However, in most cases a vessel’s P&I Club will provide security in the form of a P&I Club Letter of Undertaking which will enable the vessel to be released to continue its current employment without any disruption.

Subclause (d) provides in the first paragraph that the party taking the risk of arrest under subclause (b) or (c), must indemnify the other party’s direct losses. This means that if the arrest has been caused by an entity on the charterers’ side, the charterers must indemnify the owners for all their direct losses. In contrast, if the arrest has been caused by an entity on the owners’ side or a third party other than those listed in subclause (b), the owners must indemnify the charterers for their direct losses.

Under English law, direct losses are losses that arise naturally from a breach, i.e. according to the usual course of things or may reasonably be supposed to have been in the contemplation of both parties, when they made the contract, as being the probable result of a breach. 3

The second paragraph excludes liability for indirect or consequential losses suffered in connection with the arrest. English law defines indirect or consequential losses as losses that are not the direct and natural result of the breach and can only be foreseen on the basis of specific information. If the specific information or special circumstances under which the contract was made have been communicated to and are known to the counterparty at the time the contract was entered into, then the resulting losses may be recoverable. This is because in such cases the losses can be supposed to have been in the contemplation of the parties as the probable result of the breach of the contract. If, however, the special circumstances were wholly unknown to the party in breach, only those losses that would arise generally could be supposed to have been contemplated and not those arising from any special circumstances.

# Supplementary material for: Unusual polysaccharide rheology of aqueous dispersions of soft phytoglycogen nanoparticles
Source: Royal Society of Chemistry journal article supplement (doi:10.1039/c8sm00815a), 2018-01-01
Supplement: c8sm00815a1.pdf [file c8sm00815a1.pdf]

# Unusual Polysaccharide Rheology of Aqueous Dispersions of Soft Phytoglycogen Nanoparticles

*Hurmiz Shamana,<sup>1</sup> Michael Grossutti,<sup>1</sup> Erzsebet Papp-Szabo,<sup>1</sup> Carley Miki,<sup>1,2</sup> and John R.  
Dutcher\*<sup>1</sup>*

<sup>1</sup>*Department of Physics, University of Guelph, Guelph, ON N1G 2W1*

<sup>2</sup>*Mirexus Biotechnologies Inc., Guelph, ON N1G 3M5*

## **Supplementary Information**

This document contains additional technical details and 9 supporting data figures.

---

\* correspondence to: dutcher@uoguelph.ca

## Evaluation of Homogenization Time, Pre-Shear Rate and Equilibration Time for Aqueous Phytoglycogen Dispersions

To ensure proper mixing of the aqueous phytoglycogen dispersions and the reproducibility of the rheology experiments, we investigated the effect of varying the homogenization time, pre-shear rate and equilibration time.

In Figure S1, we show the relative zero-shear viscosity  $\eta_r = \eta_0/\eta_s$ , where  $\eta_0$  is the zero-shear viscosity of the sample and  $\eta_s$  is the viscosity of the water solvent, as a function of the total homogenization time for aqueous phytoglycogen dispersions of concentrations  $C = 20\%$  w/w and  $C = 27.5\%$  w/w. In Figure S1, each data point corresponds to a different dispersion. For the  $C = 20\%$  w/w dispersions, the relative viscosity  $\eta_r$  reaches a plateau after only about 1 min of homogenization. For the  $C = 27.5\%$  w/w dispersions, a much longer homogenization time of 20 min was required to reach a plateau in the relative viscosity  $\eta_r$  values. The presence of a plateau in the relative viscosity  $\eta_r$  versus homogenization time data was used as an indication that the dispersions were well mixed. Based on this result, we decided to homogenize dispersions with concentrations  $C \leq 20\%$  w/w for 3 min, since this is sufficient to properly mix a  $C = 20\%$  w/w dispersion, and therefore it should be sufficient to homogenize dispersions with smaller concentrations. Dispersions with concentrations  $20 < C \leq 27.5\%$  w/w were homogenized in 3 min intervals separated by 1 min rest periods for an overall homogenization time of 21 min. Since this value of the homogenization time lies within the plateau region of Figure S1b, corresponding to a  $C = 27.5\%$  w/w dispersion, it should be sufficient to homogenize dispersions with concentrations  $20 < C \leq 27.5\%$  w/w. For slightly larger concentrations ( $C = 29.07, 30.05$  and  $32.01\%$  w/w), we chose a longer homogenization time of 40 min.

However, and in line with the majority of BIMCO contracts and clauses, the Arrest Clauses exclude indirect or consequential losses as such losses will generally be unidentified risks that are too remote and unpredictable for a party to accept. Moreover, the acceptance of such losses might prejudice owners’ insurance cover.

Hadley v Baxendale (1854) 9 Ex. 341.

Create or edit a contract

The one-stop digital shop for all the standard maritime contracts and clauses you’ll ever need.

 
 

Latest Related News

View All News

Stay up to date

Receive news on the latest developments related to shipping contracts and clauses. Get advice on choosing the right contract for your business and which clauses to add and why.

ELSEWHERE ON BIMCO

Holiday calendar

BIMCO's Holiday Calendar covers general holidays in over 150 countries, plus local holidays and working hours in more than 680 ports around the world.

Learn about your cargo

For general guidance and information on cargo-related queries.

More about cargo